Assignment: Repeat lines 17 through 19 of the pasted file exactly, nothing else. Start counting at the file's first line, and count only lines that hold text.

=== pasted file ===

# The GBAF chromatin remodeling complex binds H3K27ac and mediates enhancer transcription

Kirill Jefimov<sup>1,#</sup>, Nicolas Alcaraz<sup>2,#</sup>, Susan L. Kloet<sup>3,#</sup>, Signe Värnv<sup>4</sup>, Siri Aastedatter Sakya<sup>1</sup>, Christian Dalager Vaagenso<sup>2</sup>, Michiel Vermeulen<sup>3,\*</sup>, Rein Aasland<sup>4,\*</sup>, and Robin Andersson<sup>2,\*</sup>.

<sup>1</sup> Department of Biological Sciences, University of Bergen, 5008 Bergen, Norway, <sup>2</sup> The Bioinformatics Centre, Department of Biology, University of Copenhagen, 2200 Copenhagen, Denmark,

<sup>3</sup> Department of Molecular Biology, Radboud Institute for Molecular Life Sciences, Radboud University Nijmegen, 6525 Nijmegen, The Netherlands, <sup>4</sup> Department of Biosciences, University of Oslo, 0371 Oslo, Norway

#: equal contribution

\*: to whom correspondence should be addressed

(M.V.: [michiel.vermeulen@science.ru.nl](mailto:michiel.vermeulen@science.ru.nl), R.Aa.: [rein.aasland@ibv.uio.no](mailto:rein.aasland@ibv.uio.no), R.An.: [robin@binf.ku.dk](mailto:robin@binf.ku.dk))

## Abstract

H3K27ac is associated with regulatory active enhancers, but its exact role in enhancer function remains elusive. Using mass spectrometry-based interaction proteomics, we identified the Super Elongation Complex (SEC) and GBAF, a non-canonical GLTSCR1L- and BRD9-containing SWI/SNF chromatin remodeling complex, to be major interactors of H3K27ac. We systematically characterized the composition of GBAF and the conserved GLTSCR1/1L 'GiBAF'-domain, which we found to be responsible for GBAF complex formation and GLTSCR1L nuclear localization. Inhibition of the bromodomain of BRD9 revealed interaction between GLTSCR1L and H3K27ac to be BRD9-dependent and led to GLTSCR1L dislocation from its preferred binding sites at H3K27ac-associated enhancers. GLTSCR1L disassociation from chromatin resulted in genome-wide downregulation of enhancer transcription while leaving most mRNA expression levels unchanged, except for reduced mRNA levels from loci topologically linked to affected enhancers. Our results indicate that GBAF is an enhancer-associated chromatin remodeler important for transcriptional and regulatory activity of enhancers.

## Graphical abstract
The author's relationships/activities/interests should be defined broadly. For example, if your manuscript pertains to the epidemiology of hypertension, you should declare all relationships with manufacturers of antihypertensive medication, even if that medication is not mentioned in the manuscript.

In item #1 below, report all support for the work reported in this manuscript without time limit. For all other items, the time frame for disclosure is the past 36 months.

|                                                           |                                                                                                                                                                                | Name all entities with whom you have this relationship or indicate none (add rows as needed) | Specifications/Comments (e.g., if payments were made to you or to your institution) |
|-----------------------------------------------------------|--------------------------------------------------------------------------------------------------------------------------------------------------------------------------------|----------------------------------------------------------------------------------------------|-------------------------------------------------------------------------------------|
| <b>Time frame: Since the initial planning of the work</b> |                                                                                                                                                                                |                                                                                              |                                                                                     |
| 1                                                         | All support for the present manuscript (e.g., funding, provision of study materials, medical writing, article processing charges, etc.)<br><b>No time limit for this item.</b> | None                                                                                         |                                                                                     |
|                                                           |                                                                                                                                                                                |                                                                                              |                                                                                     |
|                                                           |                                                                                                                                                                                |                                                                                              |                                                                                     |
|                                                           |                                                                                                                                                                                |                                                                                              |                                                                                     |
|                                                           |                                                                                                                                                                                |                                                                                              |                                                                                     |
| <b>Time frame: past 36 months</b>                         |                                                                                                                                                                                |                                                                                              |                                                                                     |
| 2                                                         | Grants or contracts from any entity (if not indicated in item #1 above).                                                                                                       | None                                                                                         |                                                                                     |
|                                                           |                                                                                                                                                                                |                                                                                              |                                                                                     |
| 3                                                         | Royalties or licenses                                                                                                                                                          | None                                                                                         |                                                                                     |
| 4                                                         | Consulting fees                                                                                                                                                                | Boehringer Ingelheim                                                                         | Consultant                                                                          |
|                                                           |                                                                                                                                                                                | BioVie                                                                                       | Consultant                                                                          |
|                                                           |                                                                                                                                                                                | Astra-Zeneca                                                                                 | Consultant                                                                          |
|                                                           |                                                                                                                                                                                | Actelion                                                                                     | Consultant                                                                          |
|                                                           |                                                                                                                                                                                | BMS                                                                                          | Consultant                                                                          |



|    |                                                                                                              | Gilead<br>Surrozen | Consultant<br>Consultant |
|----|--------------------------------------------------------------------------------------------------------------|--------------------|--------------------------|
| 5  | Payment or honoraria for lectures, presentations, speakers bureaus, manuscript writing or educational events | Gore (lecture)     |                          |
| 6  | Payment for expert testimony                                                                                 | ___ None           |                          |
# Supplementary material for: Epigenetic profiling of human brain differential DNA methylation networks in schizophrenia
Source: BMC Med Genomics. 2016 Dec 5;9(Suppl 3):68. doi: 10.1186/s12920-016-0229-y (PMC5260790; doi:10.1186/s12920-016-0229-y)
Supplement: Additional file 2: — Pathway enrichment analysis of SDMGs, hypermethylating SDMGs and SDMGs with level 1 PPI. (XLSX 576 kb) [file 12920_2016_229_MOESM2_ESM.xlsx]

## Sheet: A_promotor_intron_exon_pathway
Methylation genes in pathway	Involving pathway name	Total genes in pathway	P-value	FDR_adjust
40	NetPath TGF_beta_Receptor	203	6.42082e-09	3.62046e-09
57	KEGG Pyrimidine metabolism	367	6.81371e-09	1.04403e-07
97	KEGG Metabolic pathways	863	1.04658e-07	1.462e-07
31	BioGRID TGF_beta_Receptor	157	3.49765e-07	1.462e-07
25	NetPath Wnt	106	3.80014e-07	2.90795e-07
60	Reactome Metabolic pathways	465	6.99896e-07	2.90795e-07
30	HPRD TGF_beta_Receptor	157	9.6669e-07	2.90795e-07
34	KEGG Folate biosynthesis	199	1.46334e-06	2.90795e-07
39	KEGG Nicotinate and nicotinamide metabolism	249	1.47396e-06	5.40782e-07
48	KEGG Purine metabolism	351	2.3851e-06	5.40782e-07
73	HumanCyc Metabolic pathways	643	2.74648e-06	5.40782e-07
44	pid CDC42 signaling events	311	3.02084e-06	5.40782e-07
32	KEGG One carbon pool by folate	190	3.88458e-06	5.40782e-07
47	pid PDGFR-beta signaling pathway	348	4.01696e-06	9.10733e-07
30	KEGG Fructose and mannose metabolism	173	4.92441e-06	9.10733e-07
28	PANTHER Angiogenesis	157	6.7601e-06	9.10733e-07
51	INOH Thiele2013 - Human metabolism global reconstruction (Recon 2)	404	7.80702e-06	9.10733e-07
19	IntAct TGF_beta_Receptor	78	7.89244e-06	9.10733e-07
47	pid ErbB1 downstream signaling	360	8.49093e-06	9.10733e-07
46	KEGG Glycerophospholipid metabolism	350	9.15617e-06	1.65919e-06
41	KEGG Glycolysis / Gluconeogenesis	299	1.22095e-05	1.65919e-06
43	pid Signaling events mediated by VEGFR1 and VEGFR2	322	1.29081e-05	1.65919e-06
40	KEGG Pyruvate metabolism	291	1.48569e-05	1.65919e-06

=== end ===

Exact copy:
|                                                           |                                                                                                                                                                                |                                                                                              |                                                                                     |
|                                                           |                                                                                                                                                                                |                                                                                              |                                                                                     |
|                                                           |                                                                                                                                                                                |                                                                                              |                                                                                     |